A key question remains: why does China not work to end the nuclear program in North Korea? In his 2010 book, The Nuclear Express, Thomas Reed, former secretary of the U.S. Air Force and deputy national security adviser, explains how China explicitly helped the Kim regime develop nuclear weapons technology and spread it in part through A.Q. Khan’s Pakistani-based nuclear network. This flowed from a decision by Chinese general secretary and head of the Communist Party Deng Xiaoping in 1982 to be a nuclear weapons technology supplier to rogue states such as Pakistan, North Korea, Iran, Iraq, and Libya.

Contrary to its obligations under the Nuclear Non-Proliferation Treaty of 1969, China spread nuclear weapons technology to its allies to cause trouble for the United States and the West. It is not a coincidence that each of these states has been a frequent global flashpoint over the past four decades.

Years later, North Korea is now a nuclear weapons state with an arsenal of many dozens of bombs.

Recent polls show that at least 70 percent of the South Korean people want the country to build its own nuclear weapons. Japan too has begun some discussions, most notably by a former prime minister, Shinzo Abe, who recently was assassinated.

The United States, on the other hand, is dead set against its allies in Korea and Japan going nuclear but is also working overtime to modernize its own extended nuclear deterrent for both countries. However, it is somewhat handicapped by previous delays and lack of attention.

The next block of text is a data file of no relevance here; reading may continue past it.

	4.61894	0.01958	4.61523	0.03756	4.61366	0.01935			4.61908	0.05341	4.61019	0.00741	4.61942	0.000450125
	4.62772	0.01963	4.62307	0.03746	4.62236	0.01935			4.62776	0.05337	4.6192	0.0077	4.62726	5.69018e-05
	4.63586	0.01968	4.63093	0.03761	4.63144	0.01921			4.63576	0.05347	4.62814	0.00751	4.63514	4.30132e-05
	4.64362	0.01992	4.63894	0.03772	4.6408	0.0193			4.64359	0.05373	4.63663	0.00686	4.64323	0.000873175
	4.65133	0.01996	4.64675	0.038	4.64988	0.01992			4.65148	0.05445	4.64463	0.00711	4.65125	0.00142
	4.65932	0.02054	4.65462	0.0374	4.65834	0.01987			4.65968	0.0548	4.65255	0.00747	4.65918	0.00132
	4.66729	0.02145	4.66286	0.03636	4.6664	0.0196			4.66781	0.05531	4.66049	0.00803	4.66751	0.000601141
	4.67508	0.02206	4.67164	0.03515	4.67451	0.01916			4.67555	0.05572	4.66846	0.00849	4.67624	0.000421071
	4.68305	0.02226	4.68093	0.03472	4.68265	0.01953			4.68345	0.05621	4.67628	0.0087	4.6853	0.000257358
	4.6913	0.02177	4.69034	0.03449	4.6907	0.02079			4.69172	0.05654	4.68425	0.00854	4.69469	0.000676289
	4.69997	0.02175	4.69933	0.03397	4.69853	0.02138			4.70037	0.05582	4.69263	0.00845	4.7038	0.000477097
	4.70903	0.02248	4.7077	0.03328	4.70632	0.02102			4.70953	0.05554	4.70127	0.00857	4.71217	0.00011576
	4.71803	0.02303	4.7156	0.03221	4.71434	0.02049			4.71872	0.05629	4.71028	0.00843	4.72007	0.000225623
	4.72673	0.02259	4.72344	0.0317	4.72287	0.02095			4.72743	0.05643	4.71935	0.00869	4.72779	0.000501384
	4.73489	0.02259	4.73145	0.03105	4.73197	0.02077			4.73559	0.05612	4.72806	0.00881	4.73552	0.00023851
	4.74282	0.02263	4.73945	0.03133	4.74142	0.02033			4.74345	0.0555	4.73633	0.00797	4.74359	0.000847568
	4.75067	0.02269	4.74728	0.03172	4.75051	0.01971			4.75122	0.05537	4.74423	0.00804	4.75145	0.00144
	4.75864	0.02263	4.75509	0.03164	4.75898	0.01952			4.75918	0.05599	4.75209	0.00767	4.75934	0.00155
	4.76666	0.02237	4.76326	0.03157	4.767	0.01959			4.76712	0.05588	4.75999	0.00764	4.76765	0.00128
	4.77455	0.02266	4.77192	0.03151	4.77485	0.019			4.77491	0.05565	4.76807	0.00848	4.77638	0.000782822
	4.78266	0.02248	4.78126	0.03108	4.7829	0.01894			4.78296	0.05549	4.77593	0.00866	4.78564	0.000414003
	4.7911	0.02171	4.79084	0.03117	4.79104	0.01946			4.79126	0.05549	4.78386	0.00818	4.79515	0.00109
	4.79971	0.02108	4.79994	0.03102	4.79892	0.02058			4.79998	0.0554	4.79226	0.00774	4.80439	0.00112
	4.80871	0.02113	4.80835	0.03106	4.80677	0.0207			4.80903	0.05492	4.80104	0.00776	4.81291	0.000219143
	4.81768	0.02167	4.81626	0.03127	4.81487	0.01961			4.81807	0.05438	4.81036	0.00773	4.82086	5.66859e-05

The issue is whether America’s allies fully trust the United States to actually risk the destruction of an American city to save a Korean or Japanese city, an issue that surfaces when the U.S. extended deterrent is discussed. In Korea and Japan, more discussions are being held on adding robust missile defenses to the mix of deterrent forces, especially the Terminal High Altitude Aerial Defense (THAAD) system for Korea.

Unfortunately, the previous South Korean government adopted a three “No” posture—no missile defenses such as THAAD, no integrating such defenses with the United States, and no missile defense cooperation with Japan. That position has thankfully been jettisoned, but to get to the deployment of significant missile defenses will take more effort—despite cajoling by the United States. Such defenses would markedly improve U.S. deterrent capabilities, which explains China’s vehement opposition to South Korean missile defenses. Beijing prefers to keep South Korea vulnerable to attack as it serially threatens economic retaliation if Seoul builds defenses.

China is really the center of East Asia’s nuclear puzzle. Beijing thinks it can wear the United States down and jettison U.S. forces from the Western Pacific starting with the Korean Peninsula—an outcome that has been pushed by American isolationists.

But without the U.S. presence, the Western Pacific and Indian subcontinent will become a Chinese-controlled lake, with 5 billion people and $60 trillion in GDP falling under Chinese hegemonic control. This is not in the U.S. national interest.

Peter Huessy is Senior Defense Fellow at the Hudson Institute and President of Geo-Strategic Analysis. These views are his own.